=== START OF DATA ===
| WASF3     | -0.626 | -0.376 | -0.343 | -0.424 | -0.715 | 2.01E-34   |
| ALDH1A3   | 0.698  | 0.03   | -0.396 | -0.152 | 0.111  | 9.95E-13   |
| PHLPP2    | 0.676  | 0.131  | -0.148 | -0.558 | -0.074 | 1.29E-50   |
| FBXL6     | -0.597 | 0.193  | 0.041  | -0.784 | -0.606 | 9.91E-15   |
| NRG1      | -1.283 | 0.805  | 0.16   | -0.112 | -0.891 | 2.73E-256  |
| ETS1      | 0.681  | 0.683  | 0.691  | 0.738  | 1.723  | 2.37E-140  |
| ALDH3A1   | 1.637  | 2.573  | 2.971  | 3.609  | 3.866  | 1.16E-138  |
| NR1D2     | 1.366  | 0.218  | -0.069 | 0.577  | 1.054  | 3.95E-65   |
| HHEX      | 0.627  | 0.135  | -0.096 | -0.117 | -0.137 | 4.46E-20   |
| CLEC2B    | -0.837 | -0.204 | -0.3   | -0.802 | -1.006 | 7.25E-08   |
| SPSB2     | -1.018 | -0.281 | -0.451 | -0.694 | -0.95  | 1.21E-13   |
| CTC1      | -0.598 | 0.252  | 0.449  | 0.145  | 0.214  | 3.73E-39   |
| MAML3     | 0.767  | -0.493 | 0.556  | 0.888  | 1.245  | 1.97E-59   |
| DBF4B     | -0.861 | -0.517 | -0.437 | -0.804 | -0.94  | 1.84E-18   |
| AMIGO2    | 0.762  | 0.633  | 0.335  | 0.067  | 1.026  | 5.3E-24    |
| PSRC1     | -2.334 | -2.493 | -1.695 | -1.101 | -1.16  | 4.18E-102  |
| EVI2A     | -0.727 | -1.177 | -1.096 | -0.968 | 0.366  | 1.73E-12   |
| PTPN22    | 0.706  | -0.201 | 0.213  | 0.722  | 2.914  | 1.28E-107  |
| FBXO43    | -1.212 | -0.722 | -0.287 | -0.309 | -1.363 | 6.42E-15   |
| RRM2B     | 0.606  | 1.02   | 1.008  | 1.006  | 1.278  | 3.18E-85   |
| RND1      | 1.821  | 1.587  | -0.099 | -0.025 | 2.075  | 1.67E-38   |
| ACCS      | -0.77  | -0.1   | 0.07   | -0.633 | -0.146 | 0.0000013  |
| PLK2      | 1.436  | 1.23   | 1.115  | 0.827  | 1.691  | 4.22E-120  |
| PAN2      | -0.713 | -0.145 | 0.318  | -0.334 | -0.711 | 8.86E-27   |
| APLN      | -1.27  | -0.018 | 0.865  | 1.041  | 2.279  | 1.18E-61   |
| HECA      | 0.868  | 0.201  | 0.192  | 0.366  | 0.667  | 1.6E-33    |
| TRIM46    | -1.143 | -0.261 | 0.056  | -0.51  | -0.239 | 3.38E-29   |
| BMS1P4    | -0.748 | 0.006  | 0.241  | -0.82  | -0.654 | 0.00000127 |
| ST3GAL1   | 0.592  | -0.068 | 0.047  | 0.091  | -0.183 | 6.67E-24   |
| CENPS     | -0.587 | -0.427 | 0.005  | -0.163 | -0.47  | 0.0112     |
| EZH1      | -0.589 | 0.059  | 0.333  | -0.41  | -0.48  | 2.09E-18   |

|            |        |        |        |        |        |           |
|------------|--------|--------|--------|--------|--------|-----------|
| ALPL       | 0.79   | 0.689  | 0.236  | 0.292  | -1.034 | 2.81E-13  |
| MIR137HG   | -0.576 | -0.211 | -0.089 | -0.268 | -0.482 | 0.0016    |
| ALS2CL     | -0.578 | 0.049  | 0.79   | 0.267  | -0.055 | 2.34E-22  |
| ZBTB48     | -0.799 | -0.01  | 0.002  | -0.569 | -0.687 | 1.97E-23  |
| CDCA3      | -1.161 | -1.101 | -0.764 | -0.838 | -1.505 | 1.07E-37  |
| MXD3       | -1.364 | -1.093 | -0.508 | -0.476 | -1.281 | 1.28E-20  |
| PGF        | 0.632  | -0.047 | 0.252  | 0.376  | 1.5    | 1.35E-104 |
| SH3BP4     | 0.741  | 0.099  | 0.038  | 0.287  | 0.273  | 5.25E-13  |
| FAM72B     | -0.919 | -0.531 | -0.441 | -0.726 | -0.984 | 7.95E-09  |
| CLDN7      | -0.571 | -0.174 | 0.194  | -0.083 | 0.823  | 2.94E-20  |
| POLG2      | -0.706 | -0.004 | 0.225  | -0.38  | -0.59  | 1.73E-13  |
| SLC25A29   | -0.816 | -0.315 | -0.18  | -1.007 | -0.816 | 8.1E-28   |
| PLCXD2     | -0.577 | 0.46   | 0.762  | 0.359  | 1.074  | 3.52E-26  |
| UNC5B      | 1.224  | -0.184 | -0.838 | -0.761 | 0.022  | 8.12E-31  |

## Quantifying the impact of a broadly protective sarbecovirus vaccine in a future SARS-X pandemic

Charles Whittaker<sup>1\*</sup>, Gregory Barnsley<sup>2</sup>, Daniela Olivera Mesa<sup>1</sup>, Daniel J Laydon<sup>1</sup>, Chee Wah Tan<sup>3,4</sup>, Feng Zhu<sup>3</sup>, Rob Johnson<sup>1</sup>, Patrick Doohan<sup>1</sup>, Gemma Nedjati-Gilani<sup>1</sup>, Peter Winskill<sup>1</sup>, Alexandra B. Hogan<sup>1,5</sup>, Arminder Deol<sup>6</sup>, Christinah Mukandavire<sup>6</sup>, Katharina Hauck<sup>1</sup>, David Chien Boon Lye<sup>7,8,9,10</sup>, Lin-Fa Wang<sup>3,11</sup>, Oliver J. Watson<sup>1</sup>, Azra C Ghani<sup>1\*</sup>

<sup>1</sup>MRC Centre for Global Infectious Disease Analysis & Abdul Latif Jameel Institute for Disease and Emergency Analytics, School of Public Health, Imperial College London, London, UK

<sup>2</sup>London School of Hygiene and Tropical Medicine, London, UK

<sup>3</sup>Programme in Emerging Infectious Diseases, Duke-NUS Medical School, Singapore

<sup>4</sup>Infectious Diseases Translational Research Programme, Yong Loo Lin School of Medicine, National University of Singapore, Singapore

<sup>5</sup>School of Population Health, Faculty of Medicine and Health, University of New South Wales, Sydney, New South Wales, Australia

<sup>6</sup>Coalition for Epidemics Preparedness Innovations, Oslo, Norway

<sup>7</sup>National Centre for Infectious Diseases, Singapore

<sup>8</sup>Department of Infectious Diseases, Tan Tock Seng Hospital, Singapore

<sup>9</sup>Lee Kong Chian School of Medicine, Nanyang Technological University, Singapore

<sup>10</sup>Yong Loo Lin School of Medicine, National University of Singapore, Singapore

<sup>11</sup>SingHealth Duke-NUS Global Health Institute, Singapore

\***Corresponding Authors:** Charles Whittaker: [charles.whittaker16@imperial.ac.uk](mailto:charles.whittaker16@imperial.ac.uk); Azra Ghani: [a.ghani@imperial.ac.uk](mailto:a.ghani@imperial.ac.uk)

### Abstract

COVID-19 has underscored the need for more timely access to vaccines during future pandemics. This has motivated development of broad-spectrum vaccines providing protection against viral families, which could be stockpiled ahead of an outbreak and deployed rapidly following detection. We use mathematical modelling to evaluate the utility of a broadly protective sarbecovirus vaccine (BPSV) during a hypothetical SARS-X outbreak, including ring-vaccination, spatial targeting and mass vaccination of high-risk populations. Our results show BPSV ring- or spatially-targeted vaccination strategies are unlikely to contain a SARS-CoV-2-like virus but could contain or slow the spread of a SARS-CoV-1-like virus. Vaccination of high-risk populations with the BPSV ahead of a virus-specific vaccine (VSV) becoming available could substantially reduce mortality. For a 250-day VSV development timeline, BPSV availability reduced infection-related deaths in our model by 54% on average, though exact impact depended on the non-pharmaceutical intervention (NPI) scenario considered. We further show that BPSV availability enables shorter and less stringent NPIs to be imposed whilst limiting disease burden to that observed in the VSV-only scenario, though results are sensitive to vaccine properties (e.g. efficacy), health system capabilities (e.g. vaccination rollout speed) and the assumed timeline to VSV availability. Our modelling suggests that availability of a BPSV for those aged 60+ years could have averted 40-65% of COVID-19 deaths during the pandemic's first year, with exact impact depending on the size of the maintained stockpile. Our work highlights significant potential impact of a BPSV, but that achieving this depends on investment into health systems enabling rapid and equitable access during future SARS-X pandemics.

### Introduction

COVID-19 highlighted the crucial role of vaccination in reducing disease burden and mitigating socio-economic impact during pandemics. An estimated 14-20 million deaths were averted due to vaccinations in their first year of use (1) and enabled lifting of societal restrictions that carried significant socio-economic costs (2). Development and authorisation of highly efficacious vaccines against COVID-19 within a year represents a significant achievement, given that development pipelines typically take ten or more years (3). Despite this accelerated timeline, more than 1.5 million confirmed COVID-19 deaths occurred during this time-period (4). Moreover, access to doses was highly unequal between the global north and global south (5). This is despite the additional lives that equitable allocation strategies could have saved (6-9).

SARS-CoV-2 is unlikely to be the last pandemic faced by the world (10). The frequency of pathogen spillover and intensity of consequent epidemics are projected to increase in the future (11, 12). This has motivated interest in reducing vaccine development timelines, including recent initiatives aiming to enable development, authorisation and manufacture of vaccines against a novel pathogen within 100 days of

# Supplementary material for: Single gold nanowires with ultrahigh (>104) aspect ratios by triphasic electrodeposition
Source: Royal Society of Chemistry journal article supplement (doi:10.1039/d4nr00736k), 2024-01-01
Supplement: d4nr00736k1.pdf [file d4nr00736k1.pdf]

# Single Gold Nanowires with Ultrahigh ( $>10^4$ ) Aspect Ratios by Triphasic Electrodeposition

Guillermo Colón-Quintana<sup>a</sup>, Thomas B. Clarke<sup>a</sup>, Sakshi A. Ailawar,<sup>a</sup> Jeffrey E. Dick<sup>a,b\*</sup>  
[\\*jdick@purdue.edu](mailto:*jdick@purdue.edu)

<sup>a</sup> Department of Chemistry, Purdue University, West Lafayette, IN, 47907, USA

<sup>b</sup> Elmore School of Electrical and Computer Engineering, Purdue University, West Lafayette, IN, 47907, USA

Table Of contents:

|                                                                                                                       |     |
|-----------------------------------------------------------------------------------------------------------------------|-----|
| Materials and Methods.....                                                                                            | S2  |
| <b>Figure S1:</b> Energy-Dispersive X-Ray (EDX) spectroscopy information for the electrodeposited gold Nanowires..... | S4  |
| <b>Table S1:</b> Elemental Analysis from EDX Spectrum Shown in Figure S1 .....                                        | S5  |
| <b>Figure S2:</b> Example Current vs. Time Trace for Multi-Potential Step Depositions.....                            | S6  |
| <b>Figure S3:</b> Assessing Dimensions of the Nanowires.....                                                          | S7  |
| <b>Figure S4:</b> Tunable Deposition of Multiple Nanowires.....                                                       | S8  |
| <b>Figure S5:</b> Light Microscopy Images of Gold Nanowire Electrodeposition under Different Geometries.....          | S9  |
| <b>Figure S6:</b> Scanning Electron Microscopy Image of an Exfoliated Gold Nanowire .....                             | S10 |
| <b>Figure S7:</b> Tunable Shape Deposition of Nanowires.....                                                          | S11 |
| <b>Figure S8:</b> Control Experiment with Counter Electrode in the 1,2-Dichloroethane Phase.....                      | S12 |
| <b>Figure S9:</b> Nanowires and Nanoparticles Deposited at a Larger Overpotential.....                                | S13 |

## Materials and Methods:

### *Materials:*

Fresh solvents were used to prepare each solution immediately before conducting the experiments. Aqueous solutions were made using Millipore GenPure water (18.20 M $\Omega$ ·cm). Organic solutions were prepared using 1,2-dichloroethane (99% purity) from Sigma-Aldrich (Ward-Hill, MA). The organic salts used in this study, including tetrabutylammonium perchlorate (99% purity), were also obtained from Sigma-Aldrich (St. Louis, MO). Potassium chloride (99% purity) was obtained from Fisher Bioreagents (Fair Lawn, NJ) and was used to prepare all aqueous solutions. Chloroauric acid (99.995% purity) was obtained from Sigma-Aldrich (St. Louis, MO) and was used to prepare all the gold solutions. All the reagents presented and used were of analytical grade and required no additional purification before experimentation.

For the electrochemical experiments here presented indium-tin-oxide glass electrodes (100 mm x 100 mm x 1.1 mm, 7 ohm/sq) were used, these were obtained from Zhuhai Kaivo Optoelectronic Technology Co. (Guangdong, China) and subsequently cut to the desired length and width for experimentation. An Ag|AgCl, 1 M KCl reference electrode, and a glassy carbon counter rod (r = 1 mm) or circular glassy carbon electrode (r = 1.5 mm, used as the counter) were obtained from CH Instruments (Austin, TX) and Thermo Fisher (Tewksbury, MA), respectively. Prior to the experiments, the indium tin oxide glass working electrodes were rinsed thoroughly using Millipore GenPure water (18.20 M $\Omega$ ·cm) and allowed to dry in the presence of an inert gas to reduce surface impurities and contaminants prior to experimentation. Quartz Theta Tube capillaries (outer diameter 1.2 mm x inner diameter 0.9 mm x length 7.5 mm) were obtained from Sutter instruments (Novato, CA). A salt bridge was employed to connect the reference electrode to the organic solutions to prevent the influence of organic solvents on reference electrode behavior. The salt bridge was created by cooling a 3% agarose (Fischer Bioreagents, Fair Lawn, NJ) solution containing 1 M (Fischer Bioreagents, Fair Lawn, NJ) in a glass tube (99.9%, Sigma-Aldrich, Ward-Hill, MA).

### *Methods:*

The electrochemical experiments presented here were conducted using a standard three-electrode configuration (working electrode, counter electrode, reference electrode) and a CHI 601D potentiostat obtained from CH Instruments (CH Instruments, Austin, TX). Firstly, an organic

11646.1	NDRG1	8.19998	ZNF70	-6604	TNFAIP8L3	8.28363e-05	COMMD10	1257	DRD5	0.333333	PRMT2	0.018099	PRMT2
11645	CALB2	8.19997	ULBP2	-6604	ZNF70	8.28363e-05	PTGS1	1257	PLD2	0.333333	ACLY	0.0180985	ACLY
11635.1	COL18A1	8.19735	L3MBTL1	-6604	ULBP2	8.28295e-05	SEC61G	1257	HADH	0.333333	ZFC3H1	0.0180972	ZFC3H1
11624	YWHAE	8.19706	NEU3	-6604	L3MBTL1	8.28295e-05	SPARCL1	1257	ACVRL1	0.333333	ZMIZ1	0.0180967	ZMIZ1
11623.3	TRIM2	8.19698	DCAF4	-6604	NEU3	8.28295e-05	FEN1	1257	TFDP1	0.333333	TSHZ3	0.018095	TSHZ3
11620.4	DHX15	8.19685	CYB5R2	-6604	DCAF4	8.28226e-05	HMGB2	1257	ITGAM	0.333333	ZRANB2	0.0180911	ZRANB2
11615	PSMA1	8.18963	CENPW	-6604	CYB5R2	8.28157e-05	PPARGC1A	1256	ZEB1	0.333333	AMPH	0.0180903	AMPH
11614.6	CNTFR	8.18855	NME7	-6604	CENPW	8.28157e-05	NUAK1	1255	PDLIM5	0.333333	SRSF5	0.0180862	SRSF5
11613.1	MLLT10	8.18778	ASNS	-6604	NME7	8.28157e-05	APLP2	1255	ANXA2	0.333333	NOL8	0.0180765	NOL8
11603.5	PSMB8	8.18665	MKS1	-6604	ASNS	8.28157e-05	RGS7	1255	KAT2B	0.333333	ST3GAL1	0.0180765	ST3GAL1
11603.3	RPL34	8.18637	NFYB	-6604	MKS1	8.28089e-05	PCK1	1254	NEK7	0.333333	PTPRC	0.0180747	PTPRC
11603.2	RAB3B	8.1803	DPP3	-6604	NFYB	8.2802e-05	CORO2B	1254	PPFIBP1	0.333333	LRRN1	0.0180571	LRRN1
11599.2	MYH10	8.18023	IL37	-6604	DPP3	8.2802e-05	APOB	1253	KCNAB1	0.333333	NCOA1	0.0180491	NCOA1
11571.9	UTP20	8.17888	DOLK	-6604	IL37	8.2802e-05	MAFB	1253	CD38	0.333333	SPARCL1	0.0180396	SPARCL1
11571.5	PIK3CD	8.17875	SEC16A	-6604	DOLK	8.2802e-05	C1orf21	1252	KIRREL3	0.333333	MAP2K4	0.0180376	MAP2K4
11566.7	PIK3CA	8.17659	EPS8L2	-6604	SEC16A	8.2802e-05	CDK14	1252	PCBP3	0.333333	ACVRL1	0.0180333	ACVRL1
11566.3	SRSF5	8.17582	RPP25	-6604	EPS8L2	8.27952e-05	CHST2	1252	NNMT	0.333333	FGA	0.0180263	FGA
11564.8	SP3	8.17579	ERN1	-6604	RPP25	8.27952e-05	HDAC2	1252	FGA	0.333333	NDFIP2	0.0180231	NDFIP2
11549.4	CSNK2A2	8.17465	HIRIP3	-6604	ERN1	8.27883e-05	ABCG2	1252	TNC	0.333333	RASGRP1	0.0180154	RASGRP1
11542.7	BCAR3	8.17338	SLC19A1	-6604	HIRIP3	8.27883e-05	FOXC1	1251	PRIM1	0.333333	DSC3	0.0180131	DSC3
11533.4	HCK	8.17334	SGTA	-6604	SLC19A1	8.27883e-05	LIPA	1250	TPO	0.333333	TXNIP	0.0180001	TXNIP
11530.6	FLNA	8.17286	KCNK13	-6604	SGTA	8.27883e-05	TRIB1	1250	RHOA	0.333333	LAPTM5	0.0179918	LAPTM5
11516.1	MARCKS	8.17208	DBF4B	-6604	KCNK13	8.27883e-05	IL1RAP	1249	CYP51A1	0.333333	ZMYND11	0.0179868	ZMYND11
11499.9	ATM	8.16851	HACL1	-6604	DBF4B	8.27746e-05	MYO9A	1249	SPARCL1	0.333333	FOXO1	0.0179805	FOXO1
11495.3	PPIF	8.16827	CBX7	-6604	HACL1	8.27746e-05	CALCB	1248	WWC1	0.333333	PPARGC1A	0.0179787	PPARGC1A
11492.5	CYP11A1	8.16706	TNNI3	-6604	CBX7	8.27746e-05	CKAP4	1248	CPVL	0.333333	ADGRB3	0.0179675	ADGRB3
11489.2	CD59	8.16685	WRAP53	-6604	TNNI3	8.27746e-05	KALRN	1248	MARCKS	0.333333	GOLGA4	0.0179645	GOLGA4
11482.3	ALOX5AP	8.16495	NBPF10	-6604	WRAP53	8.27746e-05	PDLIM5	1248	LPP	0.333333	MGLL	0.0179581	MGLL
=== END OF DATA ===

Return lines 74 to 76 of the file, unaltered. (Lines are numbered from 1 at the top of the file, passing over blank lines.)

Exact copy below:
<sup>b</sup> Elmore School of Electrical and Computer Engineering, Purdue University, West Lafayette, IN, 47907, USA

Table Of contents:

|                                                                                                                       |     |